With the NCAA changing its rules to allow student-athletes to profit off of their likeness, Washington State has announced that they’re partnering with brand consultant and author Jeremy Darlow to work with its athletes. The athletic department released the below recording of a Zoom call between several of its coaches and their new consultant.
The decision to allow bring in a brand consultant to help athletes navigate this new world in college athletics is the right decision for Washington State. Not only is Darlow going to help with them making a profit off of their likeness, but he is also going to work with them on using that brand in their post sports life.
These new rules could provide WSU a slightly better shot at landing some higher profile recruits. The star high school athletes that are being recruited will now have a new element to consider in their decision making process; do they want to be a small fish in a big pond (i.e. the loaded football rosters in Euguene, Ore. and Seattle, Wash.) or a big fish in a smaller pond where they are more likely to stick out?
This is especially true when that smaller pond is offering them a resource to help them become more effective as a brand while also leveraging their on-field accomplishments to build it. For WSU to become the first Pac-12 North program to offer this benefits to all of its athletes is very big brain move that will help its programs appeal to not just the students current wants but also their future.
Building up the players personal brand is going to be crucial for the athletes and Darlow’s program, because some of these NCAA rules about profiting off of their likeness, while in school, are just asinine.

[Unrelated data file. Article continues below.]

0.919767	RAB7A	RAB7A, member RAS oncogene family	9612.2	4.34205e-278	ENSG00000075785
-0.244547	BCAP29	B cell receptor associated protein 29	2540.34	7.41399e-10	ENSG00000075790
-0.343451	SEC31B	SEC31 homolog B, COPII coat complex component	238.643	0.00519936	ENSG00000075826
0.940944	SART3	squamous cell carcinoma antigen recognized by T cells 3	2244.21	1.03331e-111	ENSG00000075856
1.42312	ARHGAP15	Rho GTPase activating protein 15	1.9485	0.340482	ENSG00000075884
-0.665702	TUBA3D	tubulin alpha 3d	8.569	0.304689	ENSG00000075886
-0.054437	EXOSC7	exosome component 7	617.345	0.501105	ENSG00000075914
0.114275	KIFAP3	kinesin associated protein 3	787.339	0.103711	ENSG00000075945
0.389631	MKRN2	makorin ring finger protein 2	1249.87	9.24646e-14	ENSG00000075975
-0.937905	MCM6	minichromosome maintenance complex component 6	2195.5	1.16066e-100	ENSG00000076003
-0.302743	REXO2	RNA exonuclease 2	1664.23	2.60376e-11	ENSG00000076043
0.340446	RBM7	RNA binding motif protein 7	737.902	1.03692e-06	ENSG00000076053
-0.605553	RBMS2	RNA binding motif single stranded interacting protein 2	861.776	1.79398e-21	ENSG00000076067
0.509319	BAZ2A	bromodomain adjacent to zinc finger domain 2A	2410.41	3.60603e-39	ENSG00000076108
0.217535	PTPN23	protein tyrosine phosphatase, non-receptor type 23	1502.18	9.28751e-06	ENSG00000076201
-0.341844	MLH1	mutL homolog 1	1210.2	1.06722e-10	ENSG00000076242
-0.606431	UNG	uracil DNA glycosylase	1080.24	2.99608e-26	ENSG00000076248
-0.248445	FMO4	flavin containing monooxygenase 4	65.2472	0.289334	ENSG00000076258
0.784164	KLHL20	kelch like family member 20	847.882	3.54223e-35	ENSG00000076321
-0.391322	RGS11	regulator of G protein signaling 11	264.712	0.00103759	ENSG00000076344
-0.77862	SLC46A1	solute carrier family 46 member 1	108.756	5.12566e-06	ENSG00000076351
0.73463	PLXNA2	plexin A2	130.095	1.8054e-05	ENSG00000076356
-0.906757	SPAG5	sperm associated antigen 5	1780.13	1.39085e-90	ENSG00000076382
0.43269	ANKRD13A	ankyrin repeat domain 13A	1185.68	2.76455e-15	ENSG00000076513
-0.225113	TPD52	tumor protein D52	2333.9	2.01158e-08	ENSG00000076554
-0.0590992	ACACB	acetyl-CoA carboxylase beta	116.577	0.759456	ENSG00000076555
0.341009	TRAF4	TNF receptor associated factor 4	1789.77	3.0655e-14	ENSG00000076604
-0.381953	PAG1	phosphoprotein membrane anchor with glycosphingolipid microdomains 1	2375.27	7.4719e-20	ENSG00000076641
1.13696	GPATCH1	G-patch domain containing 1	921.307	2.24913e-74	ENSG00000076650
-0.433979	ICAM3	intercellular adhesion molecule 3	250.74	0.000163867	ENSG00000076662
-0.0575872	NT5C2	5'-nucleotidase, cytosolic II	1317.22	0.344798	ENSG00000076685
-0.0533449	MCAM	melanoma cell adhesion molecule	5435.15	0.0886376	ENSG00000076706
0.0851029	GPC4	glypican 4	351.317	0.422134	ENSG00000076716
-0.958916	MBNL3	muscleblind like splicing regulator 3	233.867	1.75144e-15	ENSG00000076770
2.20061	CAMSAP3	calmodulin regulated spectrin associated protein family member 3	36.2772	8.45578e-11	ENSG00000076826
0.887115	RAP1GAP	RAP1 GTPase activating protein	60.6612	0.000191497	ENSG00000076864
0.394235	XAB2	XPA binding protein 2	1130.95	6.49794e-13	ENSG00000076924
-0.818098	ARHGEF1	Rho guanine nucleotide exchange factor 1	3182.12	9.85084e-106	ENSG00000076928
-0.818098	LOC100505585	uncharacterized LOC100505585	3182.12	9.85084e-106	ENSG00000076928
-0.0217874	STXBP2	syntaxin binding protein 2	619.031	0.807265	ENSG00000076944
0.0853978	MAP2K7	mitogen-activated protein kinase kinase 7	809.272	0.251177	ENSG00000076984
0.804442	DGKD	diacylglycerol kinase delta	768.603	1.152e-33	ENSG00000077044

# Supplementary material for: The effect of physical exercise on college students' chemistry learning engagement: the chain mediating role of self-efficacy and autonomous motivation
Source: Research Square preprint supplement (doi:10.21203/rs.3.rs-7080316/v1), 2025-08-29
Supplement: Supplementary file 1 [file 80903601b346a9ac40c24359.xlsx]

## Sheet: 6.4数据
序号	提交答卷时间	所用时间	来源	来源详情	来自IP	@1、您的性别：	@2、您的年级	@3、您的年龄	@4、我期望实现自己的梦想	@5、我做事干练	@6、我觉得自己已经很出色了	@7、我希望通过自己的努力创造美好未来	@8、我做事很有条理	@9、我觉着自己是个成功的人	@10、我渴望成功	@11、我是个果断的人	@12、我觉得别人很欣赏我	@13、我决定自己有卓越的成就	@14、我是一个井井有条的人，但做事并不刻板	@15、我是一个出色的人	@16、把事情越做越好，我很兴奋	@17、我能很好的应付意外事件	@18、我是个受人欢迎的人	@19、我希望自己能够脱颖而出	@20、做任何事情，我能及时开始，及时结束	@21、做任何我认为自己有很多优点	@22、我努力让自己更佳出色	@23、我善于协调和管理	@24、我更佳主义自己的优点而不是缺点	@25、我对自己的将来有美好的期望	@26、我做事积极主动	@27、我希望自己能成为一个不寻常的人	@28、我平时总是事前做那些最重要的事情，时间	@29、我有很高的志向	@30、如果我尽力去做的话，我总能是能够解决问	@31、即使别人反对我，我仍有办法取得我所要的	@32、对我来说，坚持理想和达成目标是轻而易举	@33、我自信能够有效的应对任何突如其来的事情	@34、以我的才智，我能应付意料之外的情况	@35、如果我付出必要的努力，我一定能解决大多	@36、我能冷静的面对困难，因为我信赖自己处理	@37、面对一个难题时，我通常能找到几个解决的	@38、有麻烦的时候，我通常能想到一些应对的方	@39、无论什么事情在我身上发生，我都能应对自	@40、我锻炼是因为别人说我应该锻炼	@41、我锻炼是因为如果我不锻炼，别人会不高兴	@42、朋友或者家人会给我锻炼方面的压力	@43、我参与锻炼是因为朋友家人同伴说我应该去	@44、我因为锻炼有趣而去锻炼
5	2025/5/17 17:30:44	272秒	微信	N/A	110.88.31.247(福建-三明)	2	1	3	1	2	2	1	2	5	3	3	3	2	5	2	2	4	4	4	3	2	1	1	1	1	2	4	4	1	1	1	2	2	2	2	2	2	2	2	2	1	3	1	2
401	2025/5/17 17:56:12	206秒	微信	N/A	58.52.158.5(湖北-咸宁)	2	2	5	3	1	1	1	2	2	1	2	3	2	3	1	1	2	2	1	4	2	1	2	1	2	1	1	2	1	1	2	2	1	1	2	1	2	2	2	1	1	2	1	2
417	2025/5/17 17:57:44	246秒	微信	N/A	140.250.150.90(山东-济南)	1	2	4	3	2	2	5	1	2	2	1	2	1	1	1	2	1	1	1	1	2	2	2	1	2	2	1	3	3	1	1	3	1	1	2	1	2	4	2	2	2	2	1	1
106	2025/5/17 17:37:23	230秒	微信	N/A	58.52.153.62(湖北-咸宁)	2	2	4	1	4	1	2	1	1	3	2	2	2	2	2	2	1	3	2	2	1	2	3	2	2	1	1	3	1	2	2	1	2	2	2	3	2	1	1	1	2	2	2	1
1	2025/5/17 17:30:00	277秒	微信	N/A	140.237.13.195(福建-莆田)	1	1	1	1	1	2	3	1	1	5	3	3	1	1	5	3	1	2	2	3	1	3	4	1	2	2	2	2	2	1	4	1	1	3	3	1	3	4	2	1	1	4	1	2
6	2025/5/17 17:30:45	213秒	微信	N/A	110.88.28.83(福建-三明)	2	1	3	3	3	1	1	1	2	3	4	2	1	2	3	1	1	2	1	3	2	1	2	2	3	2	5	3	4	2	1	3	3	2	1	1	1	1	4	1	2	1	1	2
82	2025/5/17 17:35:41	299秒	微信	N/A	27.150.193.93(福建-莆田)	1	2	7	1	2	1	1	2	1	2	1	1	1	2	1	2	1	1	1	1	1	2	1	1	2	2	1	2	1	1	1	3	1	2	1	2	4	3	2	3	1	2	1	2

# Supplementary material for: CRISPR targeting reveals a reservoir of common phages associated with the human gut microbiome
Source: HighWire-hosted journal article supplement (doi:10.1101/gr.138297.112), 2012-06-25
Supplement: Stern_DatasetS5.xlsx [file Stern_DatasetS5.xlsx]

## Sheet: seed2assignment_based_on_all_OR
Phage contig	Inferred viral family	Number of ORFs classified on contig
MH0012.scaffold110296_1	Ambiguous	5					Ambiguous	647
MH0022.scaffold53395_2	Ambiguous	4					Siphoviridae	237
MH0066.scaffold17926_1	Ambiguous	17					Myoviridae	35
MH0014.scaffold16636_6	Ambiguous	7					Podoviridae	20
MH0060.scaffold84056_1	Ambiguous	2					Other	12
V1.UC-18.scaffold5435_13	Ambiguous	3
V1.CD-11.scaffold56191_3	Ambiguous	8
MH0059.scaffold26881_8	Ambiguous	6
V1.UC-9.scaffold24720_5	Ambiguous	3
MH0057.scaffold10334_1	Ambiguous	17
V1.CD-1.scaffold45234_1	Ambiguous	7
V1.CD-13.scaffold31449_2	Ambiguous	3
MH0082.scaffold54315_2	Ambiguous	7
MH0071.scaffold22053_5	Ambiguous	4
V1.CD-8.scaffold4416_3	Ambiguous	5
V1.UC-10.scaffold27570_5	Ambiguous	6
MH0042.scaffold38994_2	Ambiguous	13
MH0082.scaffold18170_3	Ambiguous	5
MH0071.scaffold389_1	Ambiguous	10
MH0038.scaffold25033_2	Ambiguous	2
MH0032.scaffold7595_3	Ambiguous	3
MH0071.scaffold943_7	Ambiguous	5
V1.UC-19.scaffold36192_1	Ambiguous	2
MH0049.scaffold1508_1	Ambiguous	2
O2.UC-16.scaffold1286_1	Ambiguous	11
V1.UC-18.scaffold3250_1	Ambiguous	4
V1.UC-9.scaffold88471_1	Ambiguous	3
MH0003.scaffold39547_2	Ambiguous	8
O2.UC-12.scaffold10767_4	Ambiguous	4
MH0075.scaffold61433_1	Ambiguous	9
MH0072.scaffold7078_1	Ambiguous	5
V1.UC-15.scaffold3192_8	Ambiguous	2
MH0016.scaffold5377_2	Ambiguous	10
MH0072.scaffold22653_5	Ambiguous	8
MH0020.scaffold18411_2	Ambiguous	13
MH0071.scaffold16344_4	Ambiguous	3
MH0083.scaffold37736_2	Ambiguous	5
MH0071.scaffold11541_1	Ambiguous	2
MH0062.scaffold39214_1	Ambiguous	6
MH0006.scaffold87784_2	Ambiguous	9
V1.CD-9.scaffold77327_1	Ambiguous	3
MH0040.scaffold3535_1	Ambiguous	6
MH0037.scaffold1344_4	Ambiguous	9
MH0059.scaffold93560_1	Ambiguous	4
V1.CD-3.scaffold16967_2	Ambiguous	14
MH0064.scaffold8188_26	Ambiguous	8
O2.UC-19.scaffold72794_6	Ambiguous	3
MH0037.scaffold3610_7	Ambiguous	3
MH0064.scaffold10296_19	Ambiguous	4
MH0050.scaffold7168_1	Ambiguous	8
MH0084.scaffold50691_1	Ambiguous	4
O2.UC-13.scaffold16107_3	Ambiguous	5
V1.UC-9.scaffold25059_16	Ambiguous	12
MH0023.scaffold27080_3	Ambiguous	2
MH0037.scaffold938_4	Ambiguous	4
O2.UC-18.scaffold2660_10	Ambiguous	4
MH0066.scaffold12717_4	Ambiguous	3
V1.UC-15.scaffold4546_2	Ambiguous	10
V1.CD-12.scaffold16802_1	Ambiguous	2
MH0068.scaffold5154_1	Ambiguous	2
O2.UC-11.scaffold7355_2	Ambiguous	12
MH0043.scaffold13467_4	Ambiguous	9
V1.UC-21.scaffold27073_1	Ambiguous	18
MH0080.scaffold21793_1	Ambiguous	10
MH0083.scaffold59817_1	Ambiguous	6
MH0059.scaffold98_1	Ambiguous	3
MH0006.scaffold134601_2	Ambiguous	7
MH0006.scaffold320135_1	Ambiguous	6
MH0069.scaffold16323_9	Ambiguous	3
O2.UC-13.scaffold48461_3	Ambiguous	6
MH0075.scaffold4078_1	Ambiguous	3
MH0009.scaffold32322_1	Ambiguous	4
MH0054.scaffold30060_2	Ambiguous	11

Allow student-athletes to make money by modeling apparel as long as that apparel doesn’t include school logos or other “school marks.”
Allow athletes to make money from advertisements. Athletes would be allowed to identify themselves as college athletes in advertisements, but would not be allowed to reference the school they attend or include any school marks in the advertisement.-Dan Murphy, ESPN
This means that the athletes won’t be able to use, or reference, the name of the school that they are generating profits for while trying to make some money on the side. While I can understand the thought process behind this rule — then the athlete is messing around with the licensing department for each school — but that doesn’t make it any less dumb. A college athlete is partially known by what school they go to, you see this on Draft Night for the professional league when the pick is announced; or on every Monday Night football broadcast when the line-ups are introduced.
While the athletes can’t use their schools in their advertisements, there is apparently nothing barring the universities from using the athletes in their campaigns.